Because of these challenges surrounding autonomous and highly automated systems, the current certification requirements and guidance standards for aircraft systems and software are undergoing significant revisions by standards groups ATSM, SAE, and RTCA. One design and certification approach, Autonomy Design and Operations in Aviation: Terminology and Requirements Framework, developed by ASTM (AC377), evaluates the risks and benefits of automating individual aircraft systems or pilot functions rather than evaluating the vehicle by “Levels of Autonomy” — a common classification approach used for ground vehicles. The framework proposes evaluating the added safety benefit and reliability of automating a system or function, even if the system is less than perfect but overall increases safety compared to the available human options. This approach to certification allows the flexibility to increase aircraft automation/autonomy over time, leading to the certification of aircraft where specific systems or functions are autonomously performed. For instance, the pilot could control an aircraft’s heading, speed, and altitude, but the aircraft automatically performs takeoffs and landings.
Implementing this approach, however, requires developing standards for which to measure an autonomous system’s performance. Measuring their performance against human standards is more complicated than one might think because human pilots’ performance varies over a wide spectrum of abilities, raising the question of what performance bar the system must meet. Like anything else, the better the system, the more expensive it is to develop and certify. If every autonomous system is certified to the highest design assurance level, then developing and building the aircraft will be too expensive for its intended use.
Fully Autonomous Operations
Traditionally, advanced aircraft systems such as autopilots have relied on human pilots to be their backup in case of a system failure. If an error occurs, the system reverts control of the aircraft back to the pilots. This is not a robust approach to safety since humans are not always reliable backups — as discussed in our earlier column — and often may be the cause of the problem in the first place. Additionally, using humans as backups increases the training burden on human pilots, who require periodic retraining since training goes stale over time. Finally, building autonomous systems to revert control back to a human when something fails defeats the end goal of autonomy in the first place — and undercuts its safety case.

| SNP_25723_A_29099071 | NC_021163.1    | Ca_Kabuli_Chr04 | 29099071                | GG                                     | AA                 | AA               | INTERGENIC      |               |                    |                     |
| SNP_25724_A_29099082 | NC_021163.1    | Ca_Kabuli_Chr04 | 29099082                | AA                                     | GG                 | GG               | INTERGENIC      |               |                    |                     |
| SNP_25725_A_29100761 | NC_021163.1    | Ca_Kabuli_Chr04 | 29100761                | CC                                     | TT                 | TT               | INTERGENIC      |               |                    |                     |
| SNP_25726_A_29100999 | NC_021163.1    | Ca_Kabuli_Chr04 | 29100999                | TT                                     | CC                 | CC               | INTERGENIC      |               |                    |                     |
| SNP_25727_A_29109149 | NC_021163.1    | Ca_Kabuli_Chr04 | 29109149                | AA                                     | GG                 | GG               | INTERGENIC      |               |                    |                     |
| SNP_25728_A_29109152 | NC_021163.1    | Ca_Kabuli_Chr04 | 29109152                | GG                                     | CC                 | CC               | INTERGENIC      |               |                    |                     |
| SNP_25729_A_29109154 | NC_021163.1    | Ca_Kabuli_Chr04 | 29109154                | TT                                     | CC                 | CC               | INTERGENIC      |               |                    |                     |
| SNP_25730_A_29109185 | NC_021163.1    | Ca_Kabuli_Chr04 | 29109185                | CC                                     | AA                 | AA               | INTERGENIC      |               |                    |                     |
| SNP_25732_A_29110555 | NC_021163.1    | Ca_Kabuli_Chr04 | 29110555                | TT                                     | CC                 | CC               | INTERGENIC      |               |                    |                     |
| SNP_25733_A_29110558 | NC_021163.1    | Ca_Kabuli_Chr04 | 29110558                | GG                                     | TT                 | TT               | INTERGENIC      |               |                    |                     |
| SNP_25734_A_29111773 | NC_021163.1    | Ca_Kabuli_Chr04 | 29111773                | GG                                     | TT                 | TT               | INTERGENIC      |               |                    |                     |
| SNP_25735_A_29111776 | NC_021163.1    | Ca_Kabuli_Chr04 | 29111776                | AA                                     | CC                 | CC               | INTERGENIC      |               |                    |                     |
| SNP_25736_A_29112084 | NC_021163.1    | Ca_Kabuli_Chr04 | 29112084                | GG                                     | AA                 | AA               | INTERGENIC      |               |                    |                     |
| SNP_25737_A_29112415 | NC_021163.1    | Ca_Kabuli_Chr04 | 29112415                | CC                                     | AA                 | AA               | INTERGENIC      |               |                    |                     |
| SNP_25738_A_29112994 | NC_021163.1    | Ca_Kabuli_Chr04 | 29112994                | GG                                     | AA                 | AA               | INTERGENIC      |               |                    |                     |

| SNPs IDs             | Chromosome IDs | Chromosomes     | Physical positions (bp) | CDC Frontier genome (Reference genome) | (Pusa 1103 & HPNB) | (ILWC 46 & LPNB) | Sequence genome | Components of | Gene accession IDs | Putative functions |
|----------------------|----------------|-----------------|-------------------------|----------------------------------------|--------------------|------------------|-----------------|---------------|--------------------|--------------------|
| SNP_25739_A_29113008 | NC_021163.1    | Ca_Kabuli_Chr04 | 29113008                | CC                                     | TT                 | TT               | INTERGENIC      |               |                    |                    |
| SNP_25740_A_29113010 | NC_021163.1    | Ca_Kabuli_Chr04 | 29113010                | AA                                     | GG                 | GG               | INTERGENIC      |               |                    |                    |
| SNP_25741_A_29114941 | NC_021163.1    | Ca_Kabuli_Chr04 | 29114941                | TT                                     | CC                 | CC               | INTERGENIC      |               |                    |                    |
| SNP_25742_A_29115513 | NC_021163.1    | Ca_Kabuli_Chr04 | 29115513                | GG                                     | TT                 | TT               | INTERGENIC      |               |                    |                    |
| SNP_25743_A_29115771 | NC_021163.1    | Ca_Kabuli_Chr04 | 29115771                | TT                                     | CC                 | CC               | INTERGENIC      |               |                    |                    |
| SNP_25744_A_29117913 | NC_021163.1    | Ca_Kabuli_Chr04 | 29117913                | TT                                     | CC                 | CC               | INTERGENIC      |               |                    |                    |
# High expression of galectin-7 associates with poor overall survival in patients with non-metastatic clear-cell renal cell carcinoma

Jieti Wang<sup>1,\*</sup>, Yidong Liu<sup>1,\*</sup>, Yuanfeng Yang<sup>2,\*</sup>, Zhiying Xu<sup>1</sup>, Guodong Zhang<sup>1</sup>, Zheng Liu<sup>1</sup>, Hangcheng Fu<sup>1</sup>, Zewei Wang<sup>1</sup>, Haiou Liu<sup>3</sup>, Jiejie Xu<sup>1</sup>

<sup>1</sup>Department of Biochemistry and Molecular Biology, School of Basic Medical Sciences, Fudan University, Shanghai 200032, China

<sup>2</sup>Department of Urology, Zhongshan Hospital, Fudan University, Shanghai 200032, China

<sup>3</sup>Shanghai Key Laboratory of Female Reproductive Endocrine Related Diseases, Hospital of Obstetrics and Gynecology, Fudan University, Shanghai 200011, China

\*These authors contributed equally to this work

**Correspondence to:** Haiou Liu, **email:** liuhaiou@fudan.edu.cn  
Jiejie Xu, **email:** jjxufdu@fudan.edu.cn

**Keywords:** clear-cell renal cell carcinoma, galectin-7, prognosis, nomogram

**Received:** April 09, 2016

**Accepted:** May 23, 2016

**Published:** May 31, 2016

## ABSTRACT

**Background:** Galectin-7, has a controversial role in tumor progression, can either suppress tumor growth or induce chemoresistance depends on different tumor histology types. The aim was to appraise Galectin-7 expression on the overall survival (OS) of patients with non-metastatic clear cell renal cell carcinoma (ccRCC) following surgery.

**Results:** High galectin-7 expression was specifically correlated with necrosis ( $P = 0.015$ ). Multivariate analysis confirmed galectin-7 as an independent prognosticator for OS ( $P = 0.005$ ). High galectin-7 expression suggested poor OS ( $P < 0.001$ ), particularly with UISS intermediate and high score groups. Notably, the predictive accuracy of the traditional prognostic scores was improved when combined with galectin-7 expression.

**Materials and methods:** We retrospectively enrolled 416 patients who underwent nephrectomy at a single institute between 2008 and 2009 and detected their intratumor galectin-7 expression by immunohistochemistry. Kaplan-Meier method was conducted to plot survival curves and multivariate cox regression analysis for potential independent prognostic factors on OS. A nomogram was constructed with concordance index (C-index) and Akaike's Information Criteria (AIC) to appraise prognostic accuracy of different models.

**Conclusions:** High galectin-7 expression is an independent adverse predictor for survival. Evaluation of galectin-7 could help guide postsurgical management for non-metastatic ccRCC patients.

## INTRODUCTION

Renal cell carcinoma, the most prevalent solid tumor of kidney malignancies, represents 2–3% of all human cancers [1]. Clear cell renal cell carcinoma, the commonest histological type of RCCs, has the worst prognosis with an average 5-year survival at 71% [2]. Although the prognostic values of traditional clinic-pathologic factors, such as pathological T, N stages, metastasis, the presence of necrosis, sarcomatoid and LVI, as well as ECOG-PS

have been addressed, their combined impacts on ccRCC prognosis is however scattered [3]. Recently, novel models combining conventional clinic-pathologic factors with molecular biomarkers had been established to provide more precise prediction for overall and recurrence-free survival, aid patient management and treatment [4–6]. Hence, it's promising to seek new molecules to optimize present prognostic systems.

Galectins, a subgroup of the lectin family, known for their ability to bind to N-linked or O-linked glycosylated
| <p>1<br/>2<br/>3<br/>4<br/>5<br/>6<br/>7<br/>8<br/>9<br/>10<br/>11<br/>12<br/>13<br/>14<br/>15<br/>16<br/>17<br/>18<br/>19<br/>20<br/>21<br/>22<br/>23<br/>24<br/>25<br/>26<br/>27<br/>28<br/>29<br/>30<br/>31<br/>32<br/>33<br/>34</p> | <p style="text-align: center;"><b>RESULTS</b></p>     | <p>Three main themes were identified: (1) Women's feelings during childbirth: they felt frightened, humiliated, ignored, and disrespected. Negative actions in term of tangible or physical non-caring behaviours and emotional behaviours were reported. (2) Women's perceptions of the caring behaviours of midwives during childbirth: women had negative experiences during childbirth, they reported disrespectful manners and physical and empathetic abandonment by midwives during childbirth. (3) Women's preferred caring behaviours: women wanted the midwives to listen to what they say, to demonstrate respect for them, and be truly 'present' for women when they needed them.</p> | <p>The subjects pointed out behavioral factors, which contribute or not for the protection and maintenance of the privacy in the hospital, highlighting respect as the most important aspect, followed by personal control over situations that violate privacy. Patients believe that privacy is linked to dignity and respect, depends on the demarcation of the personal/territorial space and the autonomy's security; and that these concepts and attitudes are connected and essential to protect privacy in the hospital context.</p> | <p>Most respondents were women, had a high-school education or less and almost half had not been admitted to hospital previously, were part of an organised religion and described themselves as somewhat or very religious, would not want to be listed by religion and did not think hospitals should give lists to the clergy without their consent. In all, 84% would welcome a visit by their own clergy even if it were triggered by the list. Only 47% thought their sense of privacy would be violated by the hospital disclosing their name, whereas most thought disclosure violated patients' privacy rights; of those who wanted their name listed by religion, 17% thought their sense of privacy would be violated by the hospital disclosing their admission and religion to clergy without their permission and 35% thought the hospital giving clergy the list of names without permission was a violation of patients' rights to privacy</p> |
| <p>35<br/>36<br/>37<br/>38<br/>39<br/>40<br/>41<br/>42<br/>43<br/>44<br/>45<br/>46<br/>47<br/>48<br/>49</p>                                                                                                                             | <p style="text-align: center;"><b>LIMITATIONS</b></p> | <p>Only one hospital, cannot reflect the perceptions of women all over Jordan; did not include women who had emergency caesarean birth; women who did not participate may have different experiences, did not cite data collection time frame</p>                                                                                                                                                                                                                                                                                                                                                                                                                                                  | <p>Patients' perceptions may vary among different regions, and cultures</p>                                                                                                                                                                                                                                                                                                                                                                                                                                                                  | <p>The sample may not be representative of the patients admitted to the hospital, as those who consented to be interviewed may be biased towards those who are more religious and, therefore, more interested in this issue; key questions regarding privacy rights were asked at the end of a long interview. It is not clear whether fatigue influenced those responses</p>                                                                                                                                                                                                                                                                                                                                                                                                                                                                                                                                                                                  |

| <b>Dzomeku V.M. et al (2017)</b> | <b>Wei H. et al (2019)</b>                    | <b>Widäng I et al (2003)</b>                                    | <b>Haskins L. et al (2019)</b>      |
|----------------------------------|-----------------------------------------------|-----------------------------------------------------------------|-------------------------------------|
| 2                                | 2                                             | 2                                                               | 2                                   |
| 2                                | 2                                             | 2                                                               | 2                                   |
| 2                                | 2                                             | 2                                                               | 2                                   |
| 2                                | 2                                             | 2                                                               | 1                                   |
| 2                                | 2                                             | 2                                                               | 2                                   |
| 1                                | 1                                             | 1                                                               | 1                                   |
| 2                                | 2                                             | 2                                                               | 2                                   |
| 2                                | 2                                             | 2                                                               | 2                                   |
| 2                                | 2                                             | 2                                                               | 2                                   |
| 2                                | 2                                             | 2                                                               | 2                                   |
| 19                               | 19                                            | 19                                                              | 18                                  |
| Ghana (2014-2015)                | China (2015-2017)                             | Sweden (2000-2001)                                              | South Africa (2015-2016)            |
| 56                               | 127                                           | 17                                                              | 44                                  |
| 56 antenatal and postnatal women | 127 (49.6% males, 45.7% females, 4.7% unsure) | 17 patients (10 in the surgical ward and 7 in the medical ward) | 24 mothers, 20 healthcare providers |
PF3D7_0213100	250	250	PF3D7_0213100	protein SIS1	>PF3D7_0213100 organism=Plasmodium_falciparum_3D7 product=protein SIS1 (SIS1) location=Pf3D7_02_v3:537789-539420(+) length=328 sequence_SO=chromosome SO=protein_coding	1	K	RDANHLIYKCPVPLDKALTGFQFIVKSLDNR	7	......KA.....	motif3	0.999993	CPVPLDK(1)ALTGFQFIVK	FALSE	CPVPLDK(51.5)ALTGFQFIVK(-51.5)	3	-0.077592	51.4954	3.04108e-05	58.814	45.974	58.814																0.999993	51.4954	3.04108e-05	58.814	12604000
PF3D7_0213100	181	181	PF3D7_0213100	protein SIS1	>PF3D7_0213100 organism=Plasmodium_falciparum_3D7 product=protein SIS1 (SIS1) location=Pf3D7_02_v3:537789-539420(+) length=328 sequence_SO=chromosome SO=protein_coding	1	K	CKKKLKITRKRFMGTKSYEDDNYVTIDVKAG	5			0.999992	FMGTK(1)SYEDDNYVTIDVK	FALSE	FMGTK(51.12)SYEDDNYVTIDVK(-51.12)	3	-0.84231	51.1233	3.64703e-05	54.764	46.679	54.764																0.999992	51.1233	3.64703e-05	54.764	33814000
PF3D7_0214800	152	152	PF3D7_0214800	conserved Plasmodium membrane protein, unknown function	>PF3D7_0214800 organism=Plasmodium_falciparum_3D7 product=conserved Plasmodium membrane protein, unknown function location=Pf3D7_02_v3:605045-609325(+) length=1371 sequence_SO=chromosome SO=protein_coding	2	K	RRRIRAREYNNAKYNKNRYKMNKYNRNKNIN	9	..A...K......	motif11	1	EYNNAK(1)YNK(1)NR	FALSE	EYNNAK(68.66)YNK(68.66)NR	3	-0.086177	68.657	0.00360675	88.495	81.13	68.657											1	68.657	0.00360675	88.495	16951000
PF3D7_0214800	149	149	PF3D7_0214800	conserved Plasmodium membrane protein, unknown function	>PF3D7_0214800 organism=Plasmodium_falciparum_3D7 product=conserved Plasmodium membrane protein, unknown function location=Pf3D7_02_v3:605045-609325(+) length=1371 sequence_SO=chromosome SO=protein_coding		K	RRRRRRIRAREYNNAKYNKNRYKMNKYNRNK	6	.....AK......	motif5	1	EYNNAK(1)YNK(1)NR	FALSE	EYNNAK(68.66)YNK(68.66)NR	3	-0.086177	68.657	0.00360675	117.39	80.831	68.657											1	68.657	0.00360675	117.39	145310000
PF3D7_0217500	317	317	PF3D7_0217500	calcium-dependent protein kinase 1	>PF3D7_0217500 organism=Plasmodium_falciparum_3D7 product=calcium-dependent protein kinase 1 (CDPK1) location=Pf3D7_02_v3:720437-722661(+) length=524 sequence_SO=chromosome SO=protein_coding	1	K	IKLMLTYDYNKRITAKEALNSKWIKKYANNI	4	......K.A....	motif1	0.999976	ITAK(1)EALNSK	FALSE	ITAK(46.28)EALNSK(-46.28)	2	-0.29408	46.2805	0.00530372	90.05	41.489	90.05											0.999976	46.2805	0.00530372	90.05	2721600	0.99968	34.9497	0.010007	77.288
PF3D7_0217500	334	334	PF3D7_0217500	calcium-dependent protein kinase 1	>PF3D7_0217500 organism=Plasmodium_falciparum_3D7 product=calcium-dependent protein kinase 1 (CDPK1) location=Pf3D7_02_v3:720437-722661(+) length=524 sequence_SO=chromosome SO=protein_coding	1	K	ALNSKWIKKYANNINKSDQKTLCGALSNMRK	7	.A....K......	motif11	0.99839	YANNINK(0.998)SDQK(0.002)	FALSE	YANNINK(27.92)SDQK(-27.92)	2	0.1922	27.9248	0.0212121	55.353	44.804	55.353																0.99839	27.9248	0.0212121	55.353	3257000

Instead, pathways must be found that allow an autonomous or highly automated system to stand on its own through high reliability and fail-functional architectures. In an off-nominal situation, such as a mechanical system malfunction or a degraded system performance, a fail-functional autonomous system will be capable of recognizing it is in a degraded state and proceed to activate a limp or safe mode that safely operate or land the aircraft.
One backup solution is to “bound” the autonomous or highly automated system with a much simpler safety monitor, which ensures that the performance and the commands generated by the autonomous system are reliable (see ATSM F3269). In the event the safety monitor detects degraded system performance or failure, the monitor takes control and reverts to a simpler, less adaptable but more determinate mode of operation. This is commonly referred to as runtime assurance. In the event that a computer vision system fails and is unable to verify the safety of an unimproved landing area, for example, instead of the pilot taking over, a backup system will use instrument landing procedures and navigation aids to land at a known helipad or runway.
Ongoing collaborative efforts are underway between the autonomous developers and the regulators to define requirements and procedures that will allow autonomy to become an ever-greater part of aviation. As with any new technology, it is crucial to proceed deliberately and with caution to ensure that our certification approaches are beneficial for aircraft safety. If we are too restrictive in our approach, the industry will be hobbled. Alternatively, if we are too permissive, we will likely see preventable accidents, which may set the industry back further.